Strategy in the individual and collective context – Part B’
During the first part we’ve seen that the concern about understanding personal strategy through the eyes of collective strategy planning is not sustainable in most cases but one. There is, however, an additional point that seems to strengthen the view that the collective and individual fields cannot and should not converge. Reversing the course of reasoning, behind the negativity of international relations theorists, is the conviction that the design and implementation of any political, diplomatic and military strategy must not be based on the same perception and mentality that governs personal relationships.
That way, they seem to succumb to the traditional – and in a way obsolete – distinction between the behavioral patterns we display in the private sphere of action and the ones according to which we must take into account the interest of the many. In simple words, they contend that the ideal scheme of strategic deployment is that which is cleansed by the emotional charge or which is not the result of a sheer automatic reaction, features that – according to that mentality – are deeply rooted in everyday interpersonal relationships.
It is not a hard task realizing that such a white-black distinction not only does not reflect actual life conditions, but it is also disorienting. On the one hand, it seems to overlook that both political and diplomatic strategy cannot be isolated from the individual factor: relations of whole states are influenced by the relationships of two people (their leaders), regardless of how – to a certain extent – the course of these relationships may reflect the plans and aspirations of the stakeholders behind the leaders.
People who carry in their luggage not only their personal experiences, the influence by their environment, personal preferences, perceptions, ideas; people who use a personal language for interpreting the incoming messages, a code of communication and influence by those they have chosen – or are obliged – to accept as subordinates or partners, how could they really separate their personal stamp on the manner they organize their thoughts and choose to act?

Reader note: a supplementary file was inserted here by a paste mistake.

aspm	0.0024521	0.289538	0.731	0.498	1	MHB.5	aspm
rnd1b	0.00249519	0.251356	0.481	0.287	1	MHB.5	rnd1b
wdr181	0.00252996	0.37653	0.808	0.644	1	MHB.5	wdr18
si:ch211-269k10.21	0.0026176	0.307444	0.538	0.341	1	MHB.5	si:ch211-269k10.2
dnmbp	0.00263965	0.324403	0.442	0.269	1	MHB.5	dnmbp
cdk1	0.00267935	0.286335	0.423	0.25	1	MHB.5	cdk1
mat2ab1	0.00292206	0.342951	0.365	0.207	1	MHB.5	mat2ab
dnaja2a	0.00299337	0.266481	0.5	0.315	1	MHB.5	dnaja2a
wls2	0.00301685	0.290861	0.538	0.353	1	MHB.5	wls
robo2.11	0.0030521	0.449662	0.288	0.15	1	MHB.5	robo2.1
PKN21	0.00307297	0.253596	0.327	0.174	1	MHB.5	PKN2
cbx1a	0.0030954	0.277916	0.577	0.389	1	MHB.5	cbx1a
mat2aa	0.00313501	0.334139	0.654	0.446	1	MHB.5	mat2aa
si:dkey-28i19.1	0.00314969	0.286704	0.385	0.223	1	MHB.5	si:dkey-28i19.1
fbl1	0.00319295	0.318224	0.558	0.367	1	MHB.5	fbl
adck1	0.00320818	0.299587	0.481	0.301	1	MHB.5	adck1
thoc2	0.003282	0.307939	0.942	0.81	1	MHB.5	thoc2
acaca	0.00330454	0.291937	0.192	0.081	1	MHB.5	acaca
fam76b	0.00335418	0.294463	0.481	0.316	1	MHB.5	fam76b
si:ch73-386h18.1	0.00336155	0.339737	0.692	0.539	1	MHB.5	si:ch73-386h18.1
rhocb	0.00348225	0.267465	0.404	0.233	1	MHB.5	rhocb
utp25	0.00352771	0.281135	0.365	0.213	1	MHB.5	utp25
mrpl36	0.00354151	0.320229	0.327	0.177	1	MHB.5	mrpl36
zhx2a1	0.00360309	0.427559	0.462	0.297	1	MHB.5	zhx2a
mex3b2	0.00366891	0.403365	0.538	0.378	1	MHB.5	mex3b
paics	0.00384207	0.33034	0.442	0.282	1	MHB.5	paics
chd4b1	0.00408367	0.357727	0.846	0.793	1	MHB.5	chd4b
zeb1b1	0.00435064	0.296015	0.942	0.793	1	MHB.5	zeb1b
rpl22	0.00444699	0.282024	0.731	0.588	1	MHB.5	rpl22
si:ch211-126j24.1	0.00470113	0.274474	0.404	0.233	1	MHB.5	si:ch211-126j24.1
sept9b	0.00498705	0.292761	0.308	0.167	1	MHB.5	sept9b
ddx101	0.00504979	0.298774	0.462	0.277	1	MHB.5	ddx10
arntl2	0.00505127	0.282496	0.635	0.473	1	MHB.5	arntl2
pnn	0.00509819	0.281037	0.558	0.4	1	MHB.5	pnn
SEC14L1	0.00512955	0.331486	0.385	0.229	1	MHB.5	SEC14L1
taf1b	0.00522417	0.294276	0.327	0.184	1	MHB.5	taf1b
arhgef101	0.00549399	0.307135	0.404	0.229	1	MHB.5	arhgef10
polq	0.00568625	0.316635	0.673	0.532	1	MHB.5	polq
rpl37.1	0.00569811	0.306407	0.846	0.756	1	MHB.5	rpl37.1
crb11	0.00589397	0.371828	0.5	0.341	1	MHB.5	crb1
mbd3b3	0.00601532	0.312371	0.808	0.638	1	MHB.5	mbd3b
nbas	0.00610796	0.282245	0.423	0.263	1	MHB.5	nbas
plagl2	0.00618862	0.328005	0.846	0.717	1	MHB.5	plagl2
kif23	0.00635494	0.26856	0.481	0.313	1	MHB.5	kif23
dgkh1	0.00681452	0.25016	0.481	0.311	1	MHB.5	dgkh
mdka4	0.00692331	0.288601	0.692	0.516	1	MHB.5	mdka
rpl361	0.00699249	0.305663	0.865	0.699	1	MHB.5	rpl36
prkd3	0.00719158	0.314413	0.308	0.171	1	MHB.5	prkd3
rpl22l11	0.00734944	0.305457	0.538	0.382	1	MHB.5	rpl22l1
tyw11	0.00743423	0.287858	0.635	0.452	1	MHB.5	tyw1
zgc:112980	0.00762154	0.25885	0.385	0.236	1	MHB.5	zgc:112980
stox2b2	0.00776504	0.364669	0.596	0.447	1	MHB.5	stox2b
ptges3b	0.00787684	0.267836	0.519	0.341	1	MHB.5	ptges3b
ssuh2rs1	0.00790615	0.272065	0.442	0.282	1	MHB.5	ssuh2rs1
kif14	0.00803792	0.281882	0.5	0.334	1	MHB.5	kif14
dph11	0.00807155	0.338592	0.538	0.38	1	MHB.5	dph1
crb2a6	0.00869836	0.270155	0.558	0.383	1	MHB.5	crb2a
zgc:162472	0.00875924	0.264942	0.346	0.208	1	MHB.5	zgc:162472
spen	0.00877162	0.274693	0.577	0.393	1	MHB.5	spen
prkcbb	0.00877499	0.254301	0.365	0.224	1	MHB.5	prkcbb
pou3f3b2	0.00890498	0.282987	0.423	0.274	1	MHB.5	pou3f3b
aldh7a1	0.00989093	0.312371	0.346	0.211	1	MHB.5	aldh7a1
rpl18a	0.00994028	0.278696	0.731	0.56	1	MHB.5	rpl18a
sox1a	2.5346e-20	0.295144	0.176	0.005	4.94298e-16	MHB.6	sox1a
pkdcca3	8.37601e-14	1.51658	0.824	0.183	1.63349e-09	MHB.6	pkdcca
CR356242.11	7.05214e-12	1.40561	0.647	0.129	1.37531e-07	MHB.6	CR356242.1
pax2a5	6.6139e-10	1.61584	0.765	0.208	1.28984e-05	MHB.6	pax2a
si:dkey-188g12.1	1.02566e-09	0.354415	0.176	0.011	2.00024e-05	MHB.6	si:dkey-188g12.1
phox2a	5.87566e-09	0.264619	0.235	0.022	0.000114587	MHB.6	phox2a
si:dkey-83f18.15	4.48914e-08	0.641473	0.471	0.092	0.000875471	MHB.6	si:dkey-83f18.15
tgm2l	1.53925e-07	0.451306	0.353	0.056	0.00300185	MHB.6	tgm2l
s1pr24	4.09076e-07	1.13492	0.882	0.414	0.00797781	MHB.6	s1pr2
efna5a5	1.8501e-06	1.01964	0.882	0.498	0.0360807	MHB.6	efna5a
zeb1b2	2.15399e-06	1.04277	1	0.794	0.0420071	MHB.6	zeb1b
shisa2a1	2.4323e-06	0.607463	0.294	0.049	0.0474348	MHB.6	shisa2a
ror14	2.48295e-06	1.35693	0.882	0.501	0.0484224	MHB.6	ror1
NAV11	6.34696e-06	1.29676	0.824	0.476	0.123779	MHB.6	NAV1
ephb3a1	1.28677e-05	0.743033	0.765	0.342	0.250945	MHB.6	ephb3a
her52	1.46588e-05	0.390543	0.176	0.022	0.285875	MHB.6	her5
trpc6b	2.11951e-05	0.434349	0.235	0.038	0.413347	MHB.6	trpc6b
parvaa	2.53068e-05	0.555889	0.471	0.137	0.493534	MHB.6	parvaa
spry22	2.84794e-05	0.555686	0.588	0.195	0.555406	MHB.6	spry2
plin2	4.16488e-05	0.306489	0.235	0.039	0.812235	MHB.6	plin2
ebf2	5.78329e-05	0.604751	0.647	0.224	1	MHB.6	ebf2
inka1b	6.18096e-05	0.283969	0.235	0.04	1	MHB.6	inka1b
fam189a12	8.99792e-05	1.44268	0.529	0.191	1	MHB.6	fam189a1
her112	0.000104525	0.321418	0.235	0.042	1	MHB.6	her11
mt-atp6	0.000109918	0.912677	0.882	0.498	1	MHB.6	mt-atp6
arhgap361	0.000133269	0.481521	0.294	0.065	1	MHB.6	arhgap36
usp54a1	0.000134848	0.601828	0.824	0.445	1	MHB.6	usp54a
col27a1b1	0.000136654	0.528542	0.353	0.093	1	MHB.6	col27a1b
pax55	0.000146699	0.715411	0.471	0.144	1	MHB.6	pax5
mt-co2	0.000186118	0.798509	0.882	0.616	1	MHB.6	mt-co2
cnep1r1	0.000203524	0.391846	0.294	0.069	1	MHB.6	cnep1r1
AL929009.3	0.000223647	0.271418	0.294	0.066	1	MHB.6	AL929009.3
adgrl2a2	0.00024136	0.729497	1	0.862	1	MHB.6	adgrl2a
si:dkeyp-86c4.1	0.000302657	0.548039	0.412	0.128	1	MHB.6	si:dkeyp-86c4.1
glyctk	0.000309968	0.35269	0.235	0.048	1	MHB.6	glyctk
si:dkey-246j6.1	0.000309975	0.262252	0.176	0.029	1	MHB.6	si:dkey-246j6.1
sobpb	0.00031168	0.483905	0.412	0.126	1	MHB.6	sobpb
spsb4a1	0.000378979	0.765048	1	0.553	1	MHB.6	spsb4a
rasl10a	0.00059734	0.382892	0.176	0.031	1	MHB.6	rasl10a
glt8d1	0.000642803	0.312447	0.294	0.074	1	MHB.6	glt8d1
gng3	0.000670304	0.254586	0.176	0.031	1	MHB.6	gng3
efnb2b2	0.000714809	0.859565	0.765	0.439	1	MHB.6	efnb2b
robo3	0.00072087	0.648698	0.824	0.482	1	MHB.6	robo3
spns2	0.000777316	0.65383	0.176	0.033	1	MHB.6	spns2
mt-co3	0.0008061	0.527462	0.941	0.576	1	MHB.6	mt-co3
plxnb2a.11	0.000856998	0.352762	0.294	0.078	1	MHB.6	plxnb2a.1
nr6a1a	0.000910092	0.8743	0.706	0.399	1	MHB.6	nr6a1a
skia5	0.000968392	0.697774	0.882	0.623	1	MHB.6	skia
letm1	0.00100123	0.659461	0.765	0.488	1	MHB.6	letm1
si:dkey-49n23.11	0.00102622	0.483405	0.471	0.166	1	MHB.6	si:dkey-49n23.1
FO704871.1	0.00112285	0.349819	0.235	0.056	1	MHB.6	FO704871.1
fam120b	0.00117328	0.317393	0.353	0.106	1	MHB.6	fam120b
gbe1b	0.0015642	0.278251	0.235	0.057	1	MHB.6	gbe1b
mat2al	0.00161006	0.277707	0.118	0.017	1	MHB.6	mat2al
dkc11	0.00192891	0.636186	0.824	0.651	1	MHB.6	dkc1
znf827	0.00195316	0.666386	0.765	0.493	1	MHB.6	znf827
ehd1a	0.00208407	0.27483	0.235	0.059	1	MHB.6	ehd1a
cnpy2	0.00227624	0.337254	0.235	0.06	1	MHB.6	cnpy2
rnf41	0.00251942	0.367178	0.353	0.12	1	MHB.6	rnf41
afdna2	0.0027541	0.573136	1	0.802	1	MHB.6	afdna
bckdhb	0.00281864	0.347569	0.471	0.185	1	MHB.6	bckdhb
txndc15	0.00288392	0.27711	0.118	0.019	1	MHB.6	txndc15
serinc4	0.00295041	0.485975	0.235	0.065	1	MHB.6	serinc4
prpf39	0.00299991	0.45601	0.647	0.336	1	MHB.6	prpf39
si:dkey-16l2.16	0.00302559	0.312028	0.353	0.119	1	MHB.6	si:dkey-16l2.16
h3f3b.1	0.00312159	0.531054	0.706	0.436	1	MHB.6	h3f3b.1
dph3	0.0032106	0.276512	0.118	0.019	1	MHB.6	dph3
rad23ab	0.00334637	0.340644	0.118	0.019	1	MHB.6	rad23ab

On the other hand, this position takes a given a precedent, a hypothesis which is at a basic level arbitrary and which signifies an ignorance of one’s deeper cognitive mechanisms and motivations. For, the evaluating process of the manner in which interpersonal relations are handled by a single person can go far beyond the complexity and inductive extension in comparison to the corresponding process performed by the same individuals or a group of people in the diplomatic, ministerial or military contexts.
Consequently, what emerges from the last version and the overall analysis is the absence of a distinctive line that clearly delineates the boundaries between the methodology of planning a strategy for achieving personal goals and the corresponding one of focusing on a goal set and realized by a public structure or organization.
There are differences that can be observed, nonetheless, concerning: i) the context (a relationship, a professional decision in one case, setting forward a national policy in another), ii) the means (anything at the individual’s disposal in one case, potentially the whole state mechanism or international organism in the other). (iii) the status and attributes of the persons involved.
However, the differences in the context of reference, means and attributes do not constitute an absolute guarantee that either the individual or the group of persons who act simultaneously with more than one attributes or in multiple contexts do not exhibit a common pattern of reasoning and action in both cases. Or that they will not try to make use of the means available to serve their purpose / interest even if this is done by bringing forth a status that is supposed not to be compatible to the context (for instance, a high ranking public servant using his property to facilitate tactic steps in his pursuit of personal goals). But this is an issue that cannot possibly be examined here.